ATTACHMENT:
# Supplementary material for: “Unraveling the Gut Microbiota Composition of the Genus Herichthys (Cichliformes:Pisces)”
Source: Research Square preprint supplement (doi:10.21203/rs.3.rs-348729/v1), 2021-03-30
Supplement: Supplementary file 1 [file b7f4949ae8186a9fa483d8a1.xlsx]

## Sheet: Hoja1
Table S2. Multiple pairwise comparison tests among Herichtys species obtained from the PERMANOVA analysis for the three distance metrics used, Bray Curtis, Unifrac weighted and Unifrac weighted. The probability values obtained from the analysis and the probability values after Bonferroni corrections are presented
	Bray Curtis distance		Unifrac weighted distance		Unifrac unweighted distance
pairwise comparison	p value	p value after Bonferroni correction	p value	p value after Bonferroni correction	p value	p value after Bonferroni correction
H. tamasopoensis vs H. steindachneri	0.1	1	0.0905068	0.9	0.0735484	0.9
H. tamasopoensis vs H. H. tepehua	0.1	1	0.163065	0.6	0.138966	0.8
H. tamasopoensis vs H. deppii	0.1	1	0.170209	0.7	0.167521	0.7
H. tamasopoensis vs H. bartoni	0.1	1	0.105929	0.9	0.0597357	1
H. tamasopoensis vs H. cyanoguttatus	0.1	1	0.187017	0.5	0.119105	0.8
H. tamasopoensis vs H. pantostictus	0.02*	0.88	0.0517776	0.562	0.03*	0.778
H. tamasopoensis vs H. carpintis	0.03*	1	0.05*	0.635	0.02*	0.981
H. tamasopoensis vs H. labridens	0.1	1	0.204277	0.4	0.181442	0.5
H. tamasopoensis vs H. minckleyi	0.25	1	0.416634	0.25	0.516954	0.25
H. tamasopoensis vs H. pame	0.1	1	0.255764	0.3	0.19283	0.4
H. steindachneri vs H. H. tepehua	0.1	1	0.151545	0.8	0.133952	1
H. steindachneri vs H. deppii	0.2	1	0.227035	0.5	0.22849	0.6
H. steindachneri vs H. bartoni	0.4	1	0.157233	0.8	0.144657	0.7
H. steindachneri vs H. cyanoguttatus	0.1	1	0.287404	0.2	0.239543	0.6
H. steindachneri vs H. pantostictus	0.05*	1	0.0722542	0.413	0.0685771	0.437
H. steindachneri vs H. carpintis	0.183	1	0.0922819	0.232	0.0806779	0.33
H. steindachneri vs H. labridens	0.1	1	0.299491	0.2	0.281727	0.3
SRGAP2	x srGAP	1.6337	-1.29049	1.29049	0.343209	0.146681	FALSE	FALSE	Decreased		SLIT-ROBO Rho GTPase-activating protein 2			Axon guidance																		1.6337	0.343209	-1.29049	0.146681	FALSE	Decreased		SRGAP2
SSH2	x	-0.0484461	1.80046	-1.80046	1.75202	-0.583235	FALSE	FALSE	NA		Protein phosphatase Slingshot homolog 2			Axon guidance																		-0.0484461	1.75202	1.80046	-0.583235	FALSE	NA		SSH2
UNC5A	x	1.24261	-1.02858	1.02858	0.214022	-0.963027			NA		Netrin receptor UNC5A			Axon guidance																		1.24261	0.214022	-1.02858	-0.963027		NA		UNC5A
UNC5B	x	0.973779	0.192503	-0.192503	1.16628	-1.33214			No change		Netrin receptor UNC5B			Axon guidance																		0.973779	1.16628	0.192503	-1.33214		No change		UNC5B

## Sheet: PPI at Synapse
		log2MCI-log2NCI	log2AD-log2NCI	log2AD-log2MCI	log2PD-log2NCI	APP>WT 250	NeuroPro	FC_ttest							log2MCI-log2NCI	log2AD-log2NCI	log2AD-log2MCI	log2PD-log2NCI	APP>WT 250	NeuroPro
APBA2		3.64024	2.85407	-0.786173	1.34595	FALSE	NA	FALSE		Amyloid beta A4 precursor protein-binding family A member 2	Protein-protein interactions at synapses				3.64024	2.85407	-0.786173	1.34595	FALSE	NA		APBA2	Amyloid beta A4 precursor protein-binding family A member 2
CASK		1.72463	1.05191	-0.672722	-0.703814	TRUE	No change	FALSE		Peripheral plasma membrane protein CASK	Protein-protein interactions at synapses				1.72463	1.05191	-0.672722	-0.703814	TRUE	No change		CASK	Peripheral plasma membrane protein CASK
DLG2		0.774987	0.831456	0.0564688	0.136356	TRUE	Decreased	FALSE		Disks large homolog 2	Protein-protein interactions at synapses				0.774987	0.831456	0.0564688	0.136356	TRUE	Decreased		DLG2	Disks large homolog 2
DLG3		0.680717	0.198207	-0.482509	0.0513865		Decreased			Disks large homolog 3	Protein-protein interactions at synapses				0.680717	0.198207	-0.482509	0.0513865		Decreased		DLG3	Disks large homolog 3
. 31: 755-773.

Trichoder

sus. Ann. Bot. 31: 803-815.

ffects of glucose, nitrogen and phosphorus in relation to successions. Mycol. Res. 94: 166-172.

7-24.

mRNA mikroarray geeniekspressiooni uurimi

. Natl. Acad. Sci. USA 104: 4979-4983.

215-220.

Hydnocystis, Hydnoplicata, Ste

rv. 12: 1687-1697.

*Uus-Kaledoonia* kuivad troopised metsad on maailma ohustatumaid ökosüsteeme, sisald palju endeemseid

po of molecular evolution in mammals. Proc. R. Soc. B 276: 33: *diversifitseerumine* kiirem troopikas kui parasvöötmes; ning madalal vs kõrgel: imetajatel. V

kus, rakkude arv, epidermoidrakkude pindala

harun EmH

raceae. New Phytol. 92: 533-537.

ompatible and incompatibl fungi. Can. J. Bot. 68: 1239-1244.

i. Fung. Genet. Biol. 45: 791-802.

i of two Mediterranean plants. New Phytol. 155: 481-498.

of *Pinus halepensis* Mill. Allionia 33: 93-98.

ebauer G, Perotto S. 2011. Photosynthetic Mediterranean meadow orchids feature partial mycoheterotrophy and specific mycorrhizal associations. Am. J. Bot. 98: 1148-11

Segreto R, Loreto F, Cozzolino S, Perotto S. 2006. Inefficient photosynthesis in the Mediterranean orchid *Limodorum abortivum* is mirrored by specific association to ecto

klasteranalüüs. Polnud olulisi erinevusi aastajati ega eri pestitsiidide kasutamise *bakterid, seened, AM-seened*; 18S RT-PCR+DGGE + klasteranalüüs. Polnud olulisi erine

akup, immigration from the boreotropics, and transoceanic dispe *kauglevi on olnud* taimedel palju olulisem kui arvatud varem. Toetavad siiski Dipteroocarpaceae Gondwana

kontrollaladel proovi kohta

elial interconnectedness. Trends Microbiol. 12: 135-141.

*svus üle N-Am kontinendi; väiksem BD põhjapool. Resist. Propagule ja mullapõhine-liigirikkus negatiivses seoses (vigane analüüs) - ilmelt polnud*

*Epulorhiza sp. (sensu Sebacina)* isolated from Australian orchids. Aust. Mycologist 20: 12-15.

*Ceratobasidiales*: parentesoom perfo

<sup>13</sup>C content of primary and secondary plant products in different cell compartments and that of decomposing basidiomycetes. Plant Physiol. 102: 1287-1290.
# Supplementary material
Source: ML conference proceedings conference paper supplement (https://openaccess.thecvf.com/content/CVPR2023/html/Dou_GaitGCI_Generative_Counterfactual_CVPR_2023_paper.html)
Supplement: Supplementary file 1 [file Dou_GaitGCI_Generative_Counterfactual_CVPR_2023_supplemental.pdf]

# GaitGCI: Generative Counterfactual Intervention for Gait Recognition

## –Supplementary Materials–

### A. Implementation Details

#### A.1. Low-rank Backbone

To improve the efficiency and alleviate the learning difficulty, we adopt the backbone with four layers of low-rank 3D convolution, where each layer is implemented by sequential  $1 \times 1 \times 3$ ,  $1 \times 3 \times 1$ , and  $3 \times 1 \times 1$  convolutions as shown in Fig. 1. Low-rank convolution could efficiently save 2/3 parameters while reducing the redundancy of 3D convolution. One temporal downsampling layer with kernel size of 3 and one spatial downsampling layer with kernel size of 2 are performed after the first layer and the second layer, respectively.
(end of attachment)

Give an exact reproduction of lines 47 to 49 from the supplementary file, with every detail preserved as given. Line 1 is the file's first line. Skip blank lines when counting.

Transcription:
kus, rakkude arv, epidermoidrakkude pindala

harun EmH

raceae. New Phytol. 92: 533-537.